Cynthia Lowen’s latest documentary "Battleground" offers an eye-opening window into the anti-choice movement, featuring three women from varying walks of life who have dedicated themselves to rendering abortion illegal. Per the Tribeca website: “Told with restraint and balance, director Cynthia Lowen seeks to clarify rather than condemn, and presents a new point of entry for this challenging topic.” While the film itself clearly aligns with progressive pro-choice advocates (who also appear throughout) it offers a fascinating perspective on the sheer systemic power of the anti-abortion movement and the perilous future, felt painfully today, of Roe v. Wade. "Battleground" was Executive Produced by NYWIFT member Ruth Ann Harnisch and co-produced by member Steffie van Rhee, who sat down with us to discuss the premiere and how this film – from this particular perspective – came to fruition.READ MORE
Violet Du Feng’s "Hidden Letters" tells the story of Chinese women trying to balance their lives as independent women in modern China while confronting the traditional identity that defines but also oppresses them. Connected through their love for Nushu—a centuries-old secret text shared amongst women—each of them transforms through a pivotal period of their lives and takes a step closer to becoming the individuals they know they can be. Hot off her 2022 Tribeca Festival premiere, Director Violet Du Feng, an Emmy-award winning documentarian, spoke to us about Nushu, modern-day China, women’s equality, and her filmmaking process.READ MORE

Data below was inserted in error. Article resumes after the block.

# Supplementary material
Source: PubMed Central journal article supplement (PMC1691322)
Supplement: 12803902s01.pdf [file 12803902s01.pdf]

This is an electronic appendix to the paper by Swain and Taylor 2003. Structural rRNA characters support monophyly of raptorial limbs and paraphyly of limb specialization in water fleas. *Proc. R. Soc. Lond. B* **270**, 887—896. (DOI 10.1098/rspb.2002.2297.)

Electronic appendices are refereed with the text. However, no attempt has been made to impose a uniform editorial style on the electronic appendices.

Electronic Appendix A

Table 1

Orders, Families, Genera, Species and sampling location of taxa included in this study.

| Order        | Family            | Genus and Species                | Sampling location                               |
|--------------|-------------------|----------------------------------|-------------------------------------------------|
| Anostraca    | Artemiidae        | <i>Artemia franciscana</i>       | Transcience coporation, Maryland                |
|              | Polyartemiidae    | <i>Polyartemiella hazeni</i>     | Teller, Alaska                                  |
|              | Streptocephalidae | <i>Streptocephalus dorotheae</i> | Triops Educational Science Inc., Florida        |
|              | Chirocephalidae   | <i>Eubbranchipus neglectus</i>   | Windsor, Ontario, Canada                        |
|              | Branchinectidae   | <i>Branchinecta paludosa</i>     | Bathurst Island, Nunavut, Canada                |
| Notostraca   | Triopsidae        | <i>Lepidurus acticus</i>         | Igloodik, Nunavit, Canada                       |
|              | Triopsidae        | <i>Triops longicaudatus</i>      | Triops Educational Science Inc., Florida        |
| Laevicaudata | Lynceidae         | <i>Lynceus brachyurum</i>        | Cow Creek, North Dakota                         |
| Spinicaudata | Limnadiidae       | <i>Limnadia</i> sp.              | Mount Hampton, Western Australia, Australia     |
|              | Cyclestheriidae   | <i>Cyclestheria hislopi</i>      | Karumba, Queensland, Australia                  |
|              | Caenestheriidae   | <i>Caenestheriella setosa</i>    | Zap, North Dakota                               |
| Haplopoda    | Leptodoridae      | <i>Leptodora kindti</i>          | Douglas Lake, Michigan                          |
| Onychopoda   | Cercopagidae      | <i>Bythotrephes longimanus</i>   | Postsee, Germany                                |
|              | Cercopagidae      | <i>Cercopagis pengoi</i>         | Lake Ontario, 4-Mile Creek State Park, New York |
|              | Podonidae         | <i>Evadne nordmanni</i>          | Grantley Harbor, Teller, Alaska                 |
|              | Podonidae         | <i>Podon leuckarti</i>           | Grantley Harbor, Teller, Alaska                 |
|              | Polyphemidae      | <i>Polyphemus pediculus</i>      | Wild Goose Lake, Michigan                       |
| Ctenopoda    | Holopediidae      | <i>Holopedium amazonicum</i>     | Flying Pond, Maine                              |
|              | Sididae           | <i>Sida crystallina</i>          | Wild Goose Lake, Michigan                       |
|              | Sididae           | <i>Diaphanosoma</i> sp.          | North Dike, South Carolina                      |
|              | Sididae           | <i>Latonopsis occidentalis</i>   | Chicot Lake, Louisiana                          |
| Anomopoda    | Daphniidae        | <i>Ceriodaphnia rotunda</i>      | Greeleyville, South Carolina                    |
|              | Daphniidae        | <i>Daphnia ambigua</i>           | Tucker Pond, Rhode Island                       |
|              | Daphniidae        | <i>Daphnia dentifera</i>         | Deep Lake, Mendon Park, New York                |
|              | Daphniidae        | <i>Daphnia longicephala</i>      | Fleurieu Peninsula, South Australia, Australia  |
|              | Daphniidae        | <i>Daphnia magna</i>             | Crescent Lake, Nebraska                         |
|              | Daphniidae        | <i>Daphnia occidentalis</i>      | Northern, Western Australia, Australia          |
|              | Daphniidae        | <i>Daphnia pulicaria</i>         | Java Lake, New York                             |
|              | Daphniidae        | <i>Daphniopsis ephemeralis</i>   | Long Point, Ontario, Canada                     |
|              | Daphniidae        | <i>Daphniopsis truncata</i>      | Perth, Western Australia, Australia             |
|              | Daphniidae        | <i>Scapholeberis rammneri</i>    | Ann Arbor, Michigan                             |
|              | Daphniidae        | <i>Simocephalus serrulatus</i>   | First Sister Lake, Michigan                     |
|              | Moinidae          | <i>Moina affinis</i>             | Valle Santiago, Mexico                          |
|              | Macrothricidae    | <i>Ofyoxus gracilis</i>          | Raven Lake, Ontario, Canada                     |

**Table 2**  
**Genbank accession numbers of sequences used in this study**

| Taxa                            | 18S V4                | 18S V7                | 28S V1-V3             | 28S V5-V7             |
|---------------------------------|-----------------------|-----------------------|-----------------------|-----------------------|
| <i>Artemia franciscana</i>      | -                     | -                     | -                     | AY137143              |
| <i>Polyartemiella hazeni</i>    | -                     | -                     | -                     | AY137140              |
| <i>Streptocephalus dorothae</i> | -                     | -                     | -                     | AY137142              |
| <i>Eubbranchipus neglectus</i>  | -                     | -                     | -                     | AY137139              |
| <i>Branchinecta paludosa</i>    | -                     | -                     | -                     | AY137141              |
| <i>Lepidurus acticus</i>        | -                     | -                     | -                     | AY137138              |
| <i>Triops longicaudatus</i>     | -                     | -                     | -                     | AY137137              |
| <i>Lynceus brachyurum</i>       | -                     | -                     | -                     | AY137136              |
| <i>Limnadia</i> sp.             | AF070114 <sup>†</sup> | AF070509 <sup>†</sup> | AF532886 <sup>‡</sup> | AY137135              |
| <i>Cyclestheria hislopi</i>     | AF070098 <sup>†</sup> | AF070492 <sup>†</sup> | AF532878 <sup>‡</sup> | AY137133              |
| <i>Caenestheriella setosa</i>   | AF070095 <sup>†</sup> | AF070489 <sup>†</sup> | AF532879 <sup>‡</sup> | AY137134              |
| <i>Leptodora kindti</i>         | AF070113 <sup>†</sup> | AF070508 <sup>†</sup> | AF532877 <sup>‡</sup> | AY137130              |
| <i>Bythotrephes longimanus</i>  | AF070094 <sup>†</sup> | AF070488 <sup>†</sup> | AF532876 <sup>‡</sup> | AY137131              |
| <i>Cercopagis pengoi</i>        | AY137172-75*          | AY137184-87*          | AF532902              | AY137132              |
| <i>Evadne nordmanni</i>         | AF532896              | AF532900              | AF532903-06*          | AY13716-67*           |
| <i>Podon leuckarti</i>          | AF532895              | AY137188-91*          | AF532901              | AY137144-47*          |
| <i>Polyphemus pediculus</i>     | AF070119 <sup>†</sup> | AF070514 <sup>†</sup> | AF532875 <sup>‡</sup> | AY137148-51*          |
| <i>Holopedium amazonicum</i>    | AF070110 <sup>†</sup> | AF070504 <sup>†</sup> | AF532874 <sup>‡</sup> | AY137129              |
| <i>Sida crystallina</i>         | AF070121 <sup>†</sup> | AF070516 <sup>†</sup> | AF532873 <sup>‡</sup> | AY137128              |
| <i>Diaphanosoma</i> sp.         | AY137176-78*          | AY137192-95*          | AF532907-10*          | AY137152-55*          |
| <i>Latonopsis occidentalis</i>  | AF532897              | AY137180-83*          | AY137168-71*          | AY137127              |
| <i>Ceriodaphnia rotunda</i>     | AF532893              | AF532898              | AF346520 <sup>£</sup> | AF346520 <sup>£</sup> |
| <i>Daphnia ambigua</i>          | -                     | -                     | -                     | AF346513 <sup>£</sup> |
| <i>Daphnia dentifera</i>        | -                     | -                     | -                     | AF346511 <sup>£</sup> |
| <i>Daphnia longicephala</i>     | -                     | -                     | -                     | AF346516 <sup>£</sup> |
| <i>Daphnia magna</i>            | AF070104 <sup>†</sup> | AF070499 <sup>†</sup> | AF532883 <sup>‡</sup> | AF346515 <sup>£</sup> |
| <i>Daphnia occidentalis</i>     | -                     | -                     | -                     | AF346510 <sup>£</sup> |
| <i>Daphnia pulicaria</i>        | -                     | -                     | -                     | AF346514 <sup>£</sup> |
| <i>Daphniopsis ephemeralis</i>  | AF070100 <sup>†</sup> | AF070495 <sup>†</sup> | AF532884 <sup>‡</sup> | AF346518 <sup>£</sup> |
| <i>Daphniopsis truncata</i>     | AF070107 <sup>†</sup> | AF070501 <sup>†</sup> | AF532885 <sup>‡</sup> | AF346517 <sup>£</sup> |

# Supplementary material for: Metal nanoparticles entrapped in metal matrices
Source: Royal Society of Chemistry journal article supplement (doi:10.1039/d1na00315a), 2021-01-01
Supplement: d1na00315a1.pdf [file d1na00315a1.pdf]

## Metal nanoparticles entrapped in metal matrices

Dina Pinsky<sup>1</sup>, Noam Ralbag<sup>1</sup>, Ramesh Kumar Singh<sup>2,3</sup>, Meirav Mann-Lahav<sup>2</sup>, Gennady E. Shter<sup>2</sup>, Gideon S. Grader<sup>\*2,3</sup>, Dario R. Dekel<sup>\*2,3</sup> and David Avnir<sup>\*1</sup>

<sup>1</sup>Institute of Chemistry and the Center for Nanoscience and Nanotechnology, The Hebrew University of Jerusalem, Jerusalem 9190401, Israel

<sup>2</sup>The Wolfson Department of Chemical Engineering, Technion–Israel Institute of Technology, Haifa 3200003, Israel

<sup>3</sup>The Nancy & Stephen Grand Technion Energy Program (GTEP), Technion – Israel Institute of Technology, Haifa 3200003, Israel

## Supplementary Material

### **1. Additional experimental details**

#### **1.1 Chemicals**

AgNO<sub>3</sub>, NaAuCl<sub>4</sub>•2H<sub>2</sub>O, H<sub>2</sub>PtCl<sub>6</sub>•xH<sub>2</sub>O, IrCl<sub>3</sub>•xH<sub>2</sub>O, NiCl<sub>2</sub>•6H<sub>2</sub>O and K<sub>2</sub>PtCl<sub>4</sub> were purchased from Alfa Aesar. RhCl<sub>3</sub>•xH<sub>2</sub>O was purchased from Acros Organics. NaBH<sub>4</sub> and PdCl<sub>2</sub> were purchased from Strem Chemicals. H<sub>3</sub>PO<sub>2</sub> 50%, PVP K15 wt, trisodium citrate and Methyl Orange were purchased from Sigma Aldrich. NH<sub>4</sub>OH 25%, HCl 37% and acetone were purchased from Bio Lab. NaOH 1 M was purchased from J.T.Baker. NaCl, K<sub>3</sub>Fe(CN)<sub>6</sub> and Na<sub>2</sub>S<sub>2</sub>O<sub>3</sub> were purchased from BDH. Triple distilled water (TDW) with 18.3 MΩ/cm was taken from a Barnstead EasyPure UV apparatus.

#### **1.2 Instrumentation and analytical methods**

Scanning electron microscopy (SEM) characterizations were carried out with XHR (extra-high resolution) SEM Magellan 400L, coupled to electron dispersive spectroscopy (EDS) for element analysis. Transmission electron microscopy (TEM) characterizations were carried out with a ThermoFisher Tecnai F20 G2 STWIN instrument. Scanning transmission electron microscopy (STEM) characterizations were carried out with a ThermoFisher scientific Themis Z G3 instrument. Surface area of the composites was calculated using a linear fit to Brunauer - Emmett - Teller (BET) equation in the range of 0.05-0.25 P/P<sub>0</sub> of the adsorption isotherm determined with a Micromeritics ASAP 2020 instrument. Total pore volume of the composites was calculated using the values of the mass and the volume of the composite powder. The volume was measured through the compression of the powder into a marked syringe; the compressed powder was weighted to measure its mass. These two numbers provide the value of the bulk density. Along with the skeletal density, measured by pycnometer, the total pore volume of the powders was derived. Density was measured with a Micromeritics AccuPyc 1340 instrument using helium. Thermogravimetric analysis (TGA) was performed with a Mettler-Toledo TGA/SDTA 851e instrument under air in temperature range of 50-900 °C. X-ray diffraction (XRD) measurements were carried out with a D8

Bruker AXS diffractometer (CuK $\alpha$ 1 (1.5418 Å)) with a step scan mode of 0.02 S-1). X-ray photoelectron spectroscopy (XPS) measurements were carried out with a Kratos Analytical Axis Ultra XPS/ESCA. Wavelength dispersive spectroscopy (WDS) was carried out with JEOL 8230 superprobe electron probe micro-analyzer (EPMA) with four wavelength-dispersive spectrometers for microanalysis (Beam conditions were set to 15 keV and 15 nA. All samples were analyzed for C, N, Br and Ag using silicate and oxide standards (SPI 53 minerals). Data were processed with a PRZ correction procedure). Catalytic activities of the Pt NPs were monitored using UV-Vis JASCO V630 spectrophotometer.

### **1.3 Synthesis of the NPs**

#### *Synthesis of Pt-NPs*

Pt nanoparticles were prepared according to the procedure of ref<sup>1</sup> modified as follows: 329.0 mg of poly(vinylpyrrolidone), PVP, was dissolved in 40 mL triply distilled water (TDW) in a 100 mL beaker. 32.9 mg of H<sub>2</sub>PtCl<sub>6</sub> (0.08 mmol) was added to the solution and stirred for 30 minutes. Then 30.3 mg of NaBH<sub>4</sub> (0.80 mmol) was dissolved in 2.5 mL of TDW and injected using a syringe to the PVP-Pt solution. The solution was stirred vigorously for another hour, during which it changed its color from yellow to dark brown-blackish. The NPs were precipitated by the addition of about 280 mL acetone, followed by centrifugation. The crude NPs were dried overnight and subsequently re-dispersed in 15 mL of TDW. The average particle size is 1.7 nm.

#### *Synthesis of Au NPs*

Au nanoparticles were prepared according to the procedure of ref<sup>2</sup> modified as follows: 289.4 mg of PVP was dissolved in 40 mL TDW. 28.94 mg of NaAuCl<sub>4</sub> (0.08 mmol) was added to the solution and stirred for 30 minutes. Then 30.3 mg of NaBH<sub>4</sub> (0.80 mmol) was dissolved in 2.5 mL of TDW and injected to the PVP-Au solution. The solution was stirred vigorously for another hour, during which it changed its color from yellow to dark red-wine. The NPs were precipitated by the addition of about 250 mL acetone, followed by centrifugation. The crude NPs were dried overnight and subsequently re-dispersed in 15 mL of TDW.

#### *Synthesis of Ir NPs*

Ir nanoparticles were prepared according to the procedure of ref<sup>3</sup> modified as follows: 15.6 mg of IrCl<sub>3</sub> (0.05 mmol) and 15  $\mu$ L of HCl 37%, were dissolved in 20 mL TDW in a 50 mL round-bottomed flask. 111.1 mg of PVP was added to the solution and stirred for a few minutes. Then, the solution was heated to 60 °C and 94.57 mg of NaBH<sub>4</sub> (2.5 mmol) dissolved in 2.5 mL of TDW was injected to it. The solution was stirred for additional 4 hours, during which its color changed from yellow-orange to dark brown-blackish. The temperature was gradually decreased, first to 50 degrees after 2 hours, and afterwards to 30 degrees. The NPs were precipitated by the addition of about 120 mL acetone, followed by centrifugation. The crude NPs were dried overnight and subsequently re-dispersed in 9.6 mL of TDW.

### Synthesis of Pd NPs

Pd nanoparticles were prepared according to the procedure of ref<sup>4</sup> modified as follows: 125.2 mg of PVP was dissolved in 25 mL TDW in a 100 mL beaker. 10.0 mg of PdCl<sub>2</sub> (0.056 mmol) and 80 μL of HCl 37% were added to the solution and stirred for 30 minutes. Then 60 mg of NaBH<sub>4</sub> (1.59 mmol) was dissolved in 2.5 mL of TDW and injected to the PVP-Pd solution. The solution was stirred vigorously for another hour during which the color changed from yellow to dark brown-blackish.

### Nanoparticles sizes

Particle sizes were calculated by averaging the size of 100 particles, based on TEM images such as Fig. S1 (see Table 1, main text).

We kick off our Tribeca coverage with a conversation with Cara Cusumano, Festival Director and VP of Programming! Cara previews exciting changes to this year's festival - including a new name! - as well as some special appearances and events.READ MORE
An alarmingly disproportionate number of Black women are failed every year by the U.S. maternal health system – and it is a crisis that has been largely ignored thus far. In the Sundance 2022 documentary Aftershock, Directors Paula Eiselt and Tonya Lewis Lee follow the bereaved partners of two of these women as they fight for justice and build communities of support, bonding especially with other surviving Black fathers. The story is presented within the historical context of racism throughout the U.S. healthcare system, and the deadly tendency to ignore or minimize Black women’s pain and concerns.
NYWIFT Member Paula Eiselt spoke to us about how she and Lewis Lee approached this harrowing topic, and why community activists are the natural heroes of her creative work.